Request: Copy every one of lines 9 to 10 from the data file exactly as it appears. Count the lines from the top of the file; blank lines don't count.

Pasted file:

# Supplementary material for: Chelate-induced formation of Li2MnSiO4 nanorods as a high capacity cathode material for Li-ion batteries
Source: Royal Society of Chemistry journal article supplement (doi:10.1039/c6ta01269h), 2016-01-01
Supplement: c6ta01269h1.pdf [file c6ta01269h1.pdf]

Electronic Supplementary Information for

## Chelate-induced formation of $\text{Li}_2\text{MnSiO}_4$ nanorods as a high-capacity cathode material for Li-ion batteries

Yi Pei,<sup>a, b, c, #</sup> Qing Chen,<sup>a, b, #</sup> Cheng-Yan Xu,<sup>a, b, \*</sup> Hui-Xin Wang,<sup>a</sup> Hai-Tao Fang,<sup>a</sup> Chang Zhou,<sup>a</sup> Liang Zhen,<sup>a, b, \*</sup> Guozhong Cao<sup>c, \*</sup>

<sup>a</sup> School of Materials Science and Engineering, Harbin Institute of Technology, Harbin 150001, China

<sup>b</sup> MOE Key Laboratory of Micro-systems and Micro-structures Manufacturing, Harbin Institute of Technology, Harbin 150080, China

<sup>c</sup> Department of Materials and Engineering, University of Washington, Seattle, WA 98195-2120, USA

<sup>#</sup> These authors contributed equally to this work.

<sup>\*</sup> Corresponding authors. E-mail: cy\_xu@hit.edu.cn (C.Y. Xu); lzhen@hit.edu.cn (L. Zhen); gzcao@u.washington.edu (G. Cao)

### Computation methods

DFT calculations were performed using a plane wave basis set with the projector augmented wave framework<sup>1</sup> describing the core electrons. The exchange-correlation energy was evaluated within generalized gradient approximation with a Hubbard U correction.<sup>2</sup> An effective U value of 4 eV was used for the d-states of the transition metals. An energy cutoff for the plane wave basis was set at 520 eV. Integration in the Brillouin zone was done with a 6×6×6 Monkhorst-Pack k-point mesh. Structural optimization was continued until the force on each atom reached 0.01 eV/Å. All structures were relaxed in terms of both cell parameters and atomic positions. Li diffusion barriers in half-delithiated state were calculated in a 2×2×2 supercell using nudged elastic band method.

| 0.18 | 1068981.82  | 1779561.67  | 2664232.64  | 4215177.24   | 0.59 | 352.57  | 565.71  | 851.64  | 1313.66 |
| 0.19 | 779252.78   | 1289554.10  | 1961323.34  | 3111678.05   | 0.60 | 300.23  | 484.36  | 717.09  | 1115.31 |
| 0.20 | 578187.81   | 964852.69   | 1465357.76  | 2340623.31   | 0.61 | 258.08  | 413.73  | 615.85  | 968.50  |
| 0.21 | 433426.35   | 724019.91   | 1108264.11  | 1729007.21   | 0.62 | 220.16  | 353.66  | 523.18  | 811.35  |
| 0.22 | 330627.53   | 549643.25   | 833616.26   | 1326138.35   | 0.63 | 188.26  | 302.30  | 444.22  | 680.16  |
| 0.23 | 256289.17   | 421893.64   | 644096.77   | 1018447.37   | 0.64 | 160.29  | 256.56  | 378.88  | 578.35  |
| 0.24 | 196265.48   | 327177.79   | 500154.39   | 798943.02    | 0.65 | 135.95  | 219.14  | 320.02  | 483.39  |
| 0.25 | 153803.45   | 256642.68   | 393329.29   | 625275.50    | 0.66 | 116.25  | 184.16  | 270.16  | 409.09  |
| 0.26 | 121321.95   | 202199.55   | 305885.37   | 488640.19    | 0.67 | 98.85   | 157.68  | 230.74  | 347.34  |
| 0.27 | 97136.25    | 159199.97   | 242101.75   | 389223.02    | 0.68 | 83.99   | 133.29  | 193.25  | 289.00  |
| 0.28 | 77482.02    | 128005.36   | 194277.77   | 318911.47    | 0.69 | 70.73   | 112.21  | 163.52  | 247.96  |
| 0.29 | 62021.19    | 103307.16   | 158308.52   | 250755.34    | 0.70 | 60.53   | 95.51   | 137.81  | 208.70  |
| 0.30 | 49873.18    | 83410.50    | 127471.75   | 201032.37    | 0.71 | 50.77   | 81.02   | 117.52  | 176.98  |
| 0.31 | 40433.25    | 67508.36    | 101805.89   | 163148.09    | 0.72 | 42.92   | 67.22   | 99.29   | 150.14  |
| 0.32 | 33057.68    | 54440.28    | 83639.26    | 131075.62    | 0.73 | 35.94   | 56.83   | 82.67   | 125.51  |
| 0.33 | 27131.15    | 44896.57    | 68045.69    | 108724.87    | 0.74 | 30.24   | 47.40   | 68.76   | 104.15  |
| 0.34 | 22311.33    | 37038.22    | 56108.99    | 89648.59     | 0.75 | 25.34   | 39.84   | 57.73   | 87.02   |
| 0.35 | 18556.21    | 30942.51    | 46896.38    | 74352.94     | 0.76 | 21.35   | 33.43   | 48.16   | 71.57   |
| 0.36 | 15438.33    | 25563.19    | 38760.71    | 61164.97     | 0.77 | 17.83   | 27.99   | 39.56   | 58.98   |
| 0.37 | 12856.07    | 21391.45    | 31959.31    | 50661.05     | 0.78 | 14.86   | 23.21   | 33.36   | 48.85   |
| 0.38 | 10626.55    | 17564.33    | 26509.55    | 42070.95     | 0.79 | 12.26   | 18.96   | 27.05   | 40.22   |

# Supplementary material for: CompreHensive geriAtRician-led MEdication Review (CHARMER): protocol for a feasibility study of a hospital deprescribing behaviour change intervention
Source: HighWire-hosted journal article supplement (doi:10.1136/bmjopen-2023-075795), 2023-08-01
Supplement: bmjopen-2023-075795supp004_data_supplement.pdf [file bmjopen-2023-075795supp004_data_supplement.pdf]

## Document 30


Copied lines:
<sup>c</sup> Department of Materials and Engineering, University of Washington, Seattle, WA 98195-2120, USA

<sup>#</sup> These authors contributed equally to this work.